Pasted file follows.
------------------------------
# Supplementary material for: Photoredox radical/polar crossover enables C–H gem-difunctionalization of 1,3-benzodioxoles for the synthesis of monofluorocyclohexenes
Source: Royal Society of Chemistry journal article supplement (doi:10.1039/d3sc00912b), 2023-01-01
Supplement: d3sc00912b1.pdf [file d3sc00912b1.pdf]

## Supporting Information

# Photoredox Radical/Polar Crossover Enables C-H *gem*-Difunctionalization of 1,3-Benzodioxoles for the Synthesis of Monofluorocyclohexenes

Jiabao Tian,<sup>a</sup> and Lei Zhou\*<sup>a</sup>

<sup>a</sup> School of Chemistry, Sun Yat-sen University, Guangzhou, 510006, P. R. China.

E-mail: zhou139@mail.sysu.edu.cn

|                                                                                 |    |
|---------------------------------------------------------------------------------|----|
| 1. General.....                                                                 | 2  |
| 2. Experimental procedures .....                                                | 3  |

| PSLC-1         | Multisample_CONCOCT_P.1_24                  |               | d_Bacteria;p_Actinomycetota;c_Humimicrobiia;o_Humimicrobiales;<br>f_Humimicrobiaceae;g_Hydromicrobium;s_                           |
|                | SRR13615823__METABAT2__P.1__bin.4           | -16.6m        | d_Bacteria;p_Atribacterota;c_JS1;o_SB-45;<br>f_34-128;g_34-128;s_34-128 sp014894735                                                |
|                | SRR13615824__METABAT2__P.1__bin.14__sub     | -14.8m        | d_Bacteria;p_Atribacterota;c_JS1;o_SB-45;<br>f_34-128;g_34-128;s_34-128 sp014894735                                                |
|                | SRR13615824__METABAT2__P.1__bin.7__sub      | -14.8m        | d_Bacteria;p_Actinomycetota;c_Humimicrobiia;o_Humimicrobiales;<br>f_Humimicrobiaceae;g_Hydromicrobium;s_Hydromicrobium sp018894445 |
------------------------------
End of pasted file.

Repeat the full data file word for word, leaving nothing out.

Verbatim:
# Supplementary material for: Photoredox radical/polar crossover enables C–H gem-difunctionalization of 1,3-benzodioxoles for the synthesis of monofluorocyclohexenes
Source: Royal Society of Chemistry journal article supplement (doi:10.1039/d3sc00912b), 2023-01-01
Supplement: d3sc00912b1.pdf [file d3sc00912b1.pdf]

## Supporting Information

# Photoredox Radical/Polar Crossover Enables C-H *gem*-Difunctionalization of 1,3-Benzodioxoles for the Synthesis of Monofluorocyclohexenes

Jiabao Tian,<sup>a</sup> and Lei Zhou\*<sup>a</sup>

<sup>a</sup> School of Chemistry, Sun Yat-sen University, Guangzhou, 510006, P. R. China.

E-mail: zhou139@mail.sysu.edu.cn

|                                                                                 |    |
|---------------------------------------------------------------------------------|----|
| 1. General.....                                                                 | 2  |
| 2. Experimental procedures .....                                                | 3  |

| PSLC-1         | Multisample_CONCOCT_P.1_24                  |               | d_Bacteria;p_Actinomycetota;c_Humimicrobiia;o_Humimicrobiales;<br>f_Humimicrobiaceae;g_Hydromicrobium;s_                           |
|                | SRR13615823__METABAT2__P.1__bin.4           | -16.6m        | d_Bacteria;p_Atribacterota;c_JS1;o_SB-45;<br>f_34-128;g_34-128;s_34-128 sp014894735                                                |
|                | SRR13615824__METABAT2__P.1__bin.14__sub     | -14.8m        | d_Bacteria;p_Atribacterota;c_JS1;o_SB-45;<br>f_34-128;g_34-128;s_34-128 sp014894735                                                |
|                | SRR13615824__METABAT2__P.1__bin.7__sub      | -14.8m        | d_Bacteria;p_Actinomycetota;c_Humimicrobiia;o_Humimicrobiales;<br>f_Humimicrobiaceae;g_Hydromicrobium;s_Hydromicrobium sp018894445 |